2015  A Manifesto for an Introspective Digital Archaeology. Open Archaeology 1(1): 86–95.

Ingold, Tim
2011  Being Alive: Essays on Movement, Knowledge and Description. Taylor & Francis.

2013  Making: Anthropology, archaeology, art and architecture. Routledge.

Moser, Stephanie
2012  Early Artifact Illustration and the Birth of the Archaeological Image. In Archaeological Theory Today, edited by Ian Hodder, pp. 292–322. Cambridge University Press, Cambridge.

Pauketat, Timothy R., and Susan M. Alt
2005  Agency in a postmold? Physicality and the archaeology of culture-making. Journal of Archaeological Method and Theory 12(3): 213–237.

Perry, Sara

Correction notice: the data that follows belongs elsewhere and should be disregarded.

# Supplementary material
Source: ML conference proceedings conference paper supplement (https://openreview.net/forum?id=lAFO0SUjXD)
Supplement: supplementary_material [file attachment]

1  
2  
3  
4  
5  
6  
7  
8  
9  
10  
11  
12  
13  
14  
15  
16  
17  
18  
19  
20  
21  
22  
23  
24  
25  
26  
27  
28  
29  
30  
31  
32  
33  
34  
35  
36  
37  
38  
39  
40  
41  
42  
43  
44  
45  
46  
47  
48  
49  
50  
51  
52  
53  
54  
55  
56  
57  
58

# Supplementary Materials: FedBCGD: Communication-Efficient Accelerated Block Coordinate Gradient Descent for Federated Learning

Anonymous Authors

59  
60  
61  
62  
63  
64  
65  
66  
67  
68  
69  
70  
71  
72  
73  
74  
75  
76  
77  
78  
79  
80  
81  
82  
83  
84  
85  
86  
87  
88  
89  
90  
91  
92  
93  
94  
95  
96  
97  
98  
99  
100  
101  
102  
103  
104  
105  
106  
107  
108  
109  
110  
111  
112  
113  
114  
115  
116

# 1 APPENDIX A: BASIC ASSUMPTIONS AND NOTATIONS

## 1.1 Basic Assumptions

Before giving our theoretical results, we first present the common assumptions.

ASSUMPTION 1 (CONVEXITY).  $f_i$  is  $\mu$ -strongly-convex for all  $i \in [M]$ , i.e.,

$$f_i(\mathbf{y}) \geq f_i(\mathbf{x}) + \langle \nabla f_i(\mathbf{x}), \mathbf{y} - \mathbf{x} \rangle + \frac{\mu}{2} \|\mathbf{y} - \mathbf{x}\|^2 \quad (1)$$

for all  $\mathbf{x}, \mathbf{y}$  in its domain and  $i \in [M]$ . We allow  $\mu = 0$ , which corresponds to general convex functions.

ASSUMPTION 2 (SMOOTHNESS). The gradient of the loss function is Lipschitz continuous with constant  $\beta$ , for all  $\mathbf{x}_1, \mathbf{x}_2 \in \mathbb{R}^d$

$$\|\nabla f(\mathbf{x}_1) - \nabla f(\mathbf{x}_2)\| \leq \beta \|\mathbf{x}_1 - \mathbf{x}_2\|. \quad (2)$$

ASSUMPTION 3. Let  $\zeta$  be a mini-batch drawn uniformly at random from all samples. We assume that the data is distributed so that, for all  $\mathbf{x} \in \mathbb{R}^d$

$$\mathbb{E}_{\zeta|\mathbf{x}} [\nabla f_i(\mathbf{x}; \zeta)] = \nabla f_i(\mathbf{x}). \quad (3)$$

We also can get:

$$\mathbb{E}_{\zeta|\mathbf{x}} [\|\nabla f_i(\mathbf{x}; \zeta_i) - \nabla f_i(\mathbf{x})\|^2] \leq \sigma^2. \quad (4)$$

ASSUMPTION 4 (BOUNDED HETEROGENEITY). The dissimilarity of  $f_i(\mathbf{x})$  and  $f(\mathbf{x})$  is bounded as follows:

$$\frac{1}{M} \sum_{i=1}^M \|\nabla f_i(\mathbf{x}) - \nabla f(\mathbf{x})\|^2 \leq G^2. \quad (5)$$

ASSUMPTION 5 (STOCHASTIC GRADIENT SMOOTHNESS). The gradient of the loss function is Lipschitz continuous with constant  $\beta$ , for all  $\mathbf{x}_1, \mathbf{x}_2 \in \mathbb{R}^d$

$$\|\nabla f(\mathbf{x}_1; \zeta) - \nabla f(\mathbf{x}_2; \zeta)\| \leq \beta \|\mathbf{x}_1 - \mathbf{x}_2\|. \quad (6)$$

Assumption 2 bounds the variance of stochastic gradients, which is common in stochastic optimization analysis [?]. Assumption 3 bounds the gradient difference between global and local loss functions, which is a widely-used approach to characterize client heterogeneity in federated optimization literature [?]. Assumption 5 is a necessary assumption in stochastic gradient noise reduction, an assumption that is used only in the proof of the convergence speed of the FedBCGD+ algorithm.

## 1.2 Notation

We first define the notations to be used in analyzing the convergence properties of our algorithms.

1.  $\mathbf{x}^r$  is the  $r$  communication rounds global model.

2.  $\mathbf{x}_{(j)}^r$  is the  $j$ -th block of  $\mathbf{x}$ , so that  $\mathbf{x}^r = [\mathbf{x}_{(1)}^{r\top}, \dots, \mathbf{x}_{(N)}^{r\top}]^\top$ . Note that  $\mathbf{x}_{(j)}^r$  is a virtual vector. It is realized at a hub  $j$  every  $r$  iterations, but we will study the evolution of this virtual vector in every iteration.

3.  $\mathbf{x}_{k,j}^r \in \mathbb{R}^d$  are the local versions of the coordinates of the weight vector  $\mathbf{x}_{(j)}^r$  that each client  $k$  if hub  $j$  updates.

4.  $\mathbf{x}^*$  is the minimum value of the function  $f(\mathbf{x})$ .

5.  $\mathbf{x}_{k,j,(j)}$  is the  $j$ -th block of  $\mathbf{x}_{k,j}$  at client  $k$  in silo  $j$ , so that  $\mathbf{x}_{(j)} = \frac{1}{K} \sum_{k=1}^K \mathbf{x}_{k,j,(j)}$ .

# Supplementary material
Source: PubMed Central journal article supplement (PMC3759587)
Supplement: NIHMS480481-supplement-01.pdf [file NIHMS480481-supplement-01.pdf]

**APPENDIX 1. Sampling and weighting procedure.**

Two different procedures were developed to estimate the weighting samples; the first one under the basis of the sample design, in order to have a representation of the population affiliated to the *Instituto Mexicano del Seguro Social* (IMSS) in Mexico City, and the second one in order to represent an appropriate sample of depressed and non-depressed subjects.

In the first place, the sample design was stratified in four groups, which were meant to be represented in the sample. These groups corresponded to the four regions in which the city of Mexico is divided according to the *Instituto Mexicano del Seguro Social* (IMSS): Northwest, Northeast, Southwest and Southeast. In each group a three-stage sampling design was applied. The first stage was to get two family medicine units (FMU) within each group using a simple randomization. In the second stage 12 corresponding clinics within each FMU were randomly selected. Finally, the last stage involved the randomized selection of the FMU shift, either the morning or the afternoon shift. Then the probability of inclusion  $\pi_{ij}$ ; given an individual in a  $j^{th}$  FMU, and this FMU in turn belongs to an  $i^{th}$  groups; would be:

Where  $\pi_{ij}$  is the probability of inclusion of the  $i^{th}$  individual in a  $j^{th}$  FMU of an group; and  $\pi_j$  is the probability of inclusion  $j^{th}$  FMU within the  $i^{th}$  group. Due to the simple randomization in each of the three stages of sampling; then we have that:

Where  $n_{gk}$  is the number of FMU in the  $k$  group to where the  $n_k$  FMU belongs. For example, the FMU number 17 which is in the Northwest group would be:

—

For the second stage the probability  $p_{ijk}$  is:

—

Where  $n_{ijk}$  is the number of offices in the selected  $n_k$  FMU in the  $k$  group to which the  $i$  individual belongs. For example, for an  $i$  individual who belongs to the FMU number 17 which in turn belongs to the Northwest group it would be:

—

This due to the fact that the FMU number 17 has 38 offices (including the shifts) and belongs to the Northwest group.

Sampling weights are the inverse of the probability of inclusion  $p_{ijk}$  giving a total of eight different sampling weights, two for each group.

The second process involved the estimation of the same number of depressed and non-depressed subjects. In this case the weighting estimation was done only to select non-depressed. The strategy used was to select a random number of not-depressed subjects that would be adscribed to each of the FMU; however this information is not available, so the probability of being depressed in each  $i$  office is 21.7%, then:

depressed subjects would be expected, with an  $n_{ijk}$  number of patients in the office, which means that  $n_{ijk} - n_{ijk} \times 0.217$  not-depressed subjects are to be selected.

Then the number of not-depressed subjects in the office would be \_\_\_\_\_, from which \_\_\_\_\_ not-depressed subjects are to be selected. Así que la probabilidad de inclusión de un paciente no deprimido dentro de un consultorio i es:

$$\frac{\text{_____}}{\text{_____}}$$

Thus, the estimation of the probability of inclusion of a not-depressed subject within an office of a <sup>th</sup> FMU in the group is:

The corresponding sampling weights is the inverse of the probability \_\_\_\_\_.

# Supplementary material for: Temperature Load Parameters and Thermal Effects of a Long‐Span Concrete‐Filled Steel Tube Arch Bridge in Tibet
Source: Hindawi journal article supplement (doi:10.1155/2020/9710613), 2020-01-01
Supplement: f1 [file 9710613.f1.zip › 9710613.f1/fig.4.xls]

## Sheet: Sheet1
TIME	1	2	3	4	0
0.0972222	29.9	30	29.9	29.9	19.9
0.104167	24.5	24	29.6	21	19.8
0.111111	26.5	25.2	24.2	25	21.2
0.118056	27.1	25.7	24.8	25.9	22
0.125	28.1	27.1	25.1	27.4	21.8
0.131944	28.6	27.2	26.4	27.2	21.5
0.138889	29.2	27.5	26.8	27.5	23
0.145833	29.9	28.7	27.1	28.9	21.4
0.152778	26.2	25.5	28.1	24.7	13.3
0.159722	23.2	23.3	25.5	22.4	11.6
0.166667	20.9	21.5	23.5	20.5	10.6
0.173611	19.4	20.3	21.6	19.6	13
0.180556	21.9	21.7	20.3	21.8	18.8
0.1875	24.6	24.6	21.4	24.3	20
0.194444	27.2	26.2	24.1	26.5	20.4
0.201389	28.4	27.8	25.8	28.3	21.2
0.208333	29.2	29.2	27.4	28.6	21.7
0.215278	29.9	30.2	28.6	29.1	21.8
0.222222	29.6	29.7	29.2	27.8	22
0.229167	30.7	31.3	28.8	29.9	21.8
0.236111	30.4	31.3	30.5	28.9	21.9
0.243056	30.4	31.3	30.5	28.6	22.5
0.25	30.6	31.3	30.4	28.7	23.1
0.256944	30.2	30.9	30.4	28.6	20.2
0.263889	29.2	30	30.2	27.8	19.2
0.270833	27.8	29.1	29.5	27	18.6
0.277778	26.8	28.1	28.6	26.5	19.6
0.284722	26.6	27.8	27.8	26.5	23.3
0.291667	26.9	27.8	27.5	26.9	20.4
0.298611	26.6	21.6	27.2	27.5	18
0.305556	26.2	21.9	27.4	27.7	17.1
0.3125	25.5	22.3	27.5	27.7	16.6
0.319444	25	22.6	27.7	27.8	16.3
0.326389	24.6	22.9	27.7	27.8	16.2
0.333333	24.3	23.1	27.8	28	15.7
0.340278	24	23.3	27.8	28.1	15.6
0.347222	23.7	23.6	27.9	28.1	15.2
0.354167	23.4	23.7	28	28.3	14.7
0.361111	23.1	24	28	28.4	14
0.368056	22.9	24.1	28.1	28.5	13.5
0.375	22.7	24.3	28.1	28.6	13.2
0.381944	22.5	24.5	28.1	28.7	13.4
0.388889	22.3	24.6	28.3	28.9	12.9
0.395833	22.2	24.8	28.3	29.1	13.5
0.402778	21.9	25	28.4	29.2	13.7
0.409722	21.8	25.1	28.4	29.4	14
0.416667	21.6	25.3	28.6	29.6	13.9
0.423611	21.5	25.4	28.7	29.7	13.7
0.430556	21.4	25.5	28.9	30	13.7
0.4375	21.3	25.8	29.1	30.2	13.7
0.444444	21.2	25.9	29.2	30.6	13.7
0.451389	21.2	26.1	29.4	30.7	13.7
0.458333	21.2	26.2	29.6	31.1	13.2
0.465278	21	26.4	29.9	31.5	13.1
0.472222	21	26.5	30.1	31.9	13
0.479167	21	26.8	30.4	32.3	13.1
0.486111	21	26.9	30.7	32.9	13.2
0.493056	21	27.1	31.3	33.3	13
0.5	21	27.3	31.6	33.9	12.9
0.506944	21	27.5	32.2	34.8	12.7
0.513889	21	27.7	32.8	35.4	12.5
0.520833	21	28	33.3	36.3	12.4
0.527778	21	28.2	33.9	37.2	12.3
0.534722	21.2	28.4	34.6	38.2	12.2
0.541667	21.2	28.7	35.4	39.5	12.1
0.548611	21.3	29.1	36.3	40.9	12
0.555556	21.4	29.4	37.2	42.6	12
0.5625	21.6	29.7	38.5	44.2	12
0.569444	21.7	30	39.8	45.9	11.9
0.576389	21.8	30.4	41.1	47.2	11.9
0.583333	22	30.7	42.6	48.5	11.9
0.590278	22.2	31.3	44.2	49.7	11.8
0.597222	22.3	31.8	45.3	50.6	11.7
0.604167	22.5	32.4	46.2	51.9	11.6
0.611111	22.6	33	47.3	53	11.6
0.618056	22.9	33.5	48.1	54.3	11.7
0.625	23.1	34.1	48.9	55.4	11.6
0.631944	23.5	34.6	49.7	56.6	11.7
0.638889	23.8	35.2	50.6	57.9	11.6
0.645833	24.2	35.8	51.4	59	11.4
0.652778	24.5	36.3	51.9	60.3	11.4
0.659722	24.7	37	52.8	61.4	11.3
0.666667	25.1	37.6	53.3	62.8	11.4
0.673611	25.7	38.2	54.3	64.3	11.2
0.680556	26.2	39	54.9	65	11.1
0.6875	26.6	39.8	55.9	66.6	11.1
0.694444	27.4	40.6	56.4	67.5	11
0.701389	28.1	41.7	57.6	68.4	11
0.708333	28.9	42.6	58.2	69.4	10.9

2009  Fractured Media: Challenging the Dimensions of Archaeology’s Typical Visual Modes of Engagement. Archaeologies 5(3): 389–415.

2015  Crafting knowledge with (digital) visual media in archaeology. In Material Evidence. Learning from archaeological practice., edited by R. Chapman and A. Wylie, pp. 189–210. Routledge, New York and London.

Reilly, P
2015  Putting the materials back into Virtual Archaeology. St. Petersburg.

Richardson, Lorna
2013  A Digital Public Archaeology? Papers from the Institute of Archaeology 23(1): 1–12.

Robb, John
2010 Beyond agency. World archaeology 42(4): 493–520.

Williamson, Ronald F
2004  Replication or Interpretation of the Iroquoian Longhouse. In The Reconstructed Past: Reconstrucions in the Public Interpretation of Archaeology and History, edited by John H. Jameson, Jr., pp. 147–166. Altamira Press, New York.

 

Trackbacks/Pingbacks

  1. My second draft PhD Proposal - theskonkworks - […] **Update the final approved PhD Proposal can be viewed here** […]

Leave a Reply